It's not the highest concept in the world, but place a single woman in New York City and everyone seems to understand that this is story about a plucky underdog thrown into the teeth of adversity. Ever if that plucky underdog happens to look like Audrey Hepburn's Holly Golightly or Marlo Thomas' Anne Marie. And even if it's no longer the relatively innocent 1960s. Today we have HBO's "Sex and The City," a show that seems thrilled to enlist post-modern feminism and pay cable's adult content as it sends its four single heroines into the trenches. But last we checked, New York was still winning.
Slipping quietly into the fray is the new film "Kissing Jessica Stein." The two women at the center of the story, Jessica and Helen, are single Manhattanites who are not finding fulfillment from the men in their lives. Helen, a libertine artist, decides to take out a personal ad in the Women Seeking Women classifieds. Jessica, a sweet but tightly wound heterosexual copy editor, decides to answer it, much to her own surprise. What follows is one of the most cautious and patient courtships you're likely to see in a romantic comedy, and therein lies the film's charm.
"Kissing Jessica Stein" appears to inhabit the same world as "Sex and The City," except the HBO crews have gone home and the locations have gone back to being under lit. And as a low budget feature film with a theme of sexual adventurism destined to play the urbane small theater circuit, "Kissing Jessica Stein" might be expected to push the single girl envelope. Shockingly, the film is wholesome, heartfelt and agenda free. And interestingly enough, more honest and yes even more adult than "Sex and The City." The only time the film openly stumbles is when it tries to get a sitcom laugh, as it does during the historical montage of Jessica's horrible string of blind dates. The filmmakers get the laugh, but they didn't need it. They're playing with a higher concept....how can two women be lovers without being lesbians? There's an answer, but it would be unfair to give it away. The film is worth seeing.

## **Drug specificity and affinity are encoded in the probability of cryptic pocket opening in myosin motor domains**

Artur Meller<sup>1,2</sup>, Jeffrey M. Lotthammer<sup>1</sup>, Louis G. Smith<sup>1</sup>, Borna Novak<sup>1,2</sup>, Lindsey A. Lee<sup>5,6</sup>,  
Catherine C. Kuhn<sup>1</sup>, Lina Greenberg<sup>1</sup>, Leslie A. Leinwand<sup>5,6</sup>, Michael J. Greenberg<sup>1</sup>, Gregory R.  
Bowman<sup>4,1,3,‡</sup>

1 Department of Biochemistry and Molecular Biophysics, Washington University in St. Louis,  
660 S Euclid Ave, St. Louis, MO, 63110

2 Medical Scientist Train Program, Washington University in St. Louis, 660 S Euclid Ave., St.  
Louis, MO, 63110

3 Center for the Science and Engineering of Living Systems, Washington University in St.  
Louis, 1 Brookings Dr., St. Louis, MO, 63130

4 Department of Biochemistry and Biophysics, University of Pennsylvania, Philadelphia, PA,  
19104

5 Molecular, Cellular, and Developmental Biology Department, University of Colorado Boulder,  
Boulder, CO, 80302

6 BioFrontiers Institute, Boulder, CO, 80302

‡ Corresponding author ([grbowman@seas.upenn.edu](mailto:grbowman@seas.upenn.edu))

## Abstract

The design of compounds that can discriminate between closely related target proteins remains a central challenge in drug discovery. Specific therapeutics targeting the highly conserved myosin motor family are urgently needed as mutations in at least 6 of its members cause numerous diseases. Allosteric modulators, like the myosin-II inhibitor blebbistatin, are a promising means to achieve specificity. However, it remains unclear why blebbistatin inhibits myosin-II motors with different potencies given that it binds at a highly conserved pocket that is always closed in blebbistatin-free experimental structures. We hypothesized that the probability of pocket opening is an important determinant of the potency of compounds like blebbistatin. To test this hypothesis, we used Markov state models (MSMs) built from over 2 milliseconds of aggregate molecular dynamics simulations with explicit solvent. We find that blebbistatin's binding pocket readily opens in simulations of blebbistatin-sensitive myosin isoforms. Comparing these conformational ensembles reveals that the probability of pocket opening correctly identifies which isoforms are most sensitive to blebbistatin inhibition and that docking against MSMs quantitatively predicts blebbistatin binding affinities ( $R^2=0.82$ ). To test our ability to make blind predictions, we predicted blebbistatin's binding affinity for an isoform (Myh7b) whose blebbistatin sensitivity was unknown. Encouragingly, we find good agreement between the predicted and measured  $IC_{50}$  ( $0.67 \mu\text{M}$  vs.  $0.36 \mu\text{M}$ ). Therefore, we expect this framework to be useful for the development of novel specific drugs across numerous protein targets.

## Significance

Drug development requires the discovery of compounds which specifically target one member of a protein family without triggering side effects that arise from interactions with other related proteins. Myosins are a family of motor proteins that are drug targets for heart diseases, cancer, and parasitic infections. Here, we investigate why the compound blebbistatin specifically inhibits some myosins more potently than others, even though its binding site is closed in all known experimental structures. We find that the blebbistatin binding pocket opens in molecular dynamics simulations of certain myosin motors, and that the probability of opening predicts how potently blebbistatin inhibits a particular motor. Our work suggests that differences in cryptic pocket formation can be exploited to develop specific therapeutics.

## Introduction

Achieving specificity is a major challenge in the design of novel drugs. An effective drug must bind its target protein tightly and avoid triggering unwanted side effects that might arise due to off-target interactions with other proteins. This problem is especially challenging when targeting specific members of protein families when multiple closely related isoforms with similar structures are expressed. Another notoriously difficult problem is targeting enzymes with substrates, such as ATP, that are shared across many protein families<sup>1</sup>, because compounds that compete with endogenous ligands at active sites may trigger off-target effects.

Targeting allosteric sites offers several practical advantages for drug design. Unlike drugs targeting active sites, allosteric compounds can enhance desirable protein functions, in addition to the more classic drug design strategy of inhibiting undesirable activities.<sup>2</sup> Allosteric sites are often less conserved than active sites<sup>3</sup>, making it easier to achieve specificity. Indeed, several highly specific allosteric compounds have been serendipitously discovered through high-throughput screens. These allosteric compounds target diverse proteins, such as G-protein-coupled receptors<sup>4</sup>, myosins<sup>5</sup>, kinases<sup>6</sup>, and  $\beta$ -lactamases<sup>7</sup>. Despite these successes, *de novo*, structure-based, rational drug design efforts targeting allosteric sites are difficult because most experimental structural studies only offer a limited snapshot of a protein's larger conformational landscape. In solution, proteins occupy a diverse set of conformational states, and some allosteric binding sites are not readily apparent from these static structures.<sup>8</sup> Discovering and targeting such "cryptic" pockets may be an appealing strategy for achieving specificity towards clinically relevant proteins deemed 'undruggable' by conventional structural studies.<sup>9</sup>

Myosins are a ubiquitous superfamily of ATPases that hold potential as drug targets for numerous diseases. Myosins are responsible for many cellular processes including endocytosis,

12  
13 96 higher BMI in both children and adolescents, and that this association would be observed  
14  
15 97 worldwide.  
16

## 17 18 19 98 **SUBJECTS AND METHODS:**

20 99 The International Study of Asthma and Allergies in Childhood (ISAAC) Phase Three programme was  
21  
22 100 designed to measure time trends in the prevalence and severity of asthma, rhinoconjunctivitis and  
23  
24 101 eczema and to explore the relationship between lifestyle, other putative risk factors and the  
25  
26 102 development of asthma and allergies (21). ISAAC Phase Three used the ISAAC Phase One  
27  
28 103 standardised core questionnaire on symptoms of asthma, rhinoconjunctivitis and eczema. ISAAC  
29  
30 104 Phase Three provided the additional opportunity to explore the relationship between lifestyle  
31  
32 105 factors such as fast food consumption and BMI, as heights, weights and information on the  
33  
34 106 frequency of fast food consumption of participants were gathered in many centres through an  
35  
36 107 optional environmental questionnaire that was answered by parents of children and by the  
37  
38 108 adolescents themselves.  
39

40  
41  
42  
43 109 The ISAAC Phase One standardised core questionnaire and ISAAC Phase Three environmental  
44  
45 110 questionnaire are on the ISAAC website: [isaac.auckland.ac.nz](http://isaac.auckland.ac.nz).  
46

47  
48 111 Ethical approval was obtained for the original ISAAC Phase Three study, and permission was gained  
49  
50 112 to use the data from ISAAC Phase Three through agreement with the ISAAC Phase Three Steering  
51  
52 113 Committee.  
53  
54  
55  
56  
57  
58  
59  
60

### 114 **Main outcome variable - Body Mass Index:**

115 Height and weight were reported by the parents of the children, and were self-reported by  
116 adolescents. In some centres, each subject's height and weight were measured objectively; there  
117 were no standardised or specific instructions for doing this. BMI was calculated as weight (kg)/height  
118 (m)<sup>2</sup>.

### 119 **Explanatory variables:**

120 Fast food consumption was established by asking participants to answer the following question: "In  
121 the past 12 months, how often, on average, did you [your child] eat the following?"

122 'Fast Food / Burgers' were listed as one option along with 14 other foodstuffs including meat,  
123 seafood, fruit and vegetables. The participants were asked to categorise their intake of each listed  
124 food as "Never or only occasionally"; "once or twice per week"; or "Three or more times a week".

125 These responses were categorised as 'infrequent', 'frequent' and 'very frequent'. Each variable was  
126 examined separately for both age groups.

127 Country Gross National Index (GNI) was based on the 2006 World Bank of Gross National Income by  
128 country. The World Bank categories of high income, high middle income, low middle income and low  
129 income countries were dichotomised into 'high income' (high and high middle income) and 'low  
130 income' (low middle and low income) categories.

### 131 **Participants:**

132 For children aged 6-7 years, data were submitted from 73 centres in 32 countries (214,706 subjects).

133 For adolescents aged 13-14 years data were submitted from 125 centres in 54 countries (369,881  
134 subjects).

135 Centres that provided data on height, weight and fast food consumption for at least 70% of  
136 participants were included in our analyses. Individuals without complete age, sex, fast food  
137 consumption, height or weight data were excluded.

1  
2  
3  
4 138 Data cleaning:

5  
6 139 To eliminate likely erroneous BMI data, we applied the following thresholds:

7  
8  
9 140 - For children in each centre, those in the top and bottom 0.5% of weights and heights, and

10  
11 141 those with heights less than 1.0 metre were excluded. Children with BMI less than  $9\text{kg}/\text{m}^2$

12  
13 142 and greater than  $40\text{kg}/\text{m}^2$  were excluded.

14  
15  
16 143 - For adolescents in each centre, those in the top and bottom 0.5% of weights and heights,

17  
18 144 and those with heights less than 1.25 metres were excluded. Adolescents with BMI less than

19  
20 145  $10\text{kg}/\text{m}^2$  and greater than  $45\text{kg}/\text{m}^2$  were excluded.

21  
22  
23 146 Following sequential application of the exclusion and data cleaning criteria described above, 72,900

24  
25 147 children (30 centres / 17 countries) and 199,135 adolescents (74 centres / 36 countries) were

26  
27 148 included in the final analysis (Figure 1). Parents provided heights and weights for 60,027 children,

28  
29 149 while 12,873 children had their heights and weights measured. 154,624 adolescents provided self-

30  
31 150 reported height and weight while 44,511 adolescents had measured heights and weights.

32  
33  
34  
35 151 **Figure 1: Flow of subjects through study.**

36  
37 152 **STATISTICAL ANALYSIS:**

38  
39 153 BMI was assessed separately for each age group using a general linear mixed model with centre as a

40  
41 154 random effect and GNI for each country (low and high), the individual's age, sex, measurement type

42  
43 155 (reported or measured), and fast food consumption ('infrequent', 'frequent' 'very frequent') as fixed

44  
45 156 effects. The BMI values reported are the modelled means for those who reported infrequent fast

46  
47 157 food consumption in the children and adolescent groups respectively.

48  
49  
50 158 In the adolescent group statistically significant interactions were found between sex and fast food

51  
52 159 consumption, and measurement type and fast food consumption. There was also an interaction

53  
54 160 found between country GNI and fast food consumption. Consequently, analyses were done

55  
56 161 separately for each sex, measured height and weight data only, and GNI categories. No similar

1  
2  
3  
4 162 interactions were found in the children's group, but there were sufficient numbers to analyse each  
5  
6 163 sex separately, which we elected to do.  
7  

Jennifer Westfeldt and Heather Juergensen, who play Jessica and Helen respectively, also co-wrote the screenplay and did so with great affection. Jessica's meddling yenta of a mother, played by Tovah Feldshuh, is given the sweetest moment in the film. And Jessica's hovering boss and ex-boyfriend, played by Scott Cohen, is given a chance to earn his own redemption. Radical stuff. There are plenty of legitimate laughs and just enough stuff to chew on to make "Kissing Jessica Stein" a sleeper. Or at least a good slumber party.
© 2002 - Casey McCabe - Air Date: 03/02
Kissing Jessica Stein
USA - 2001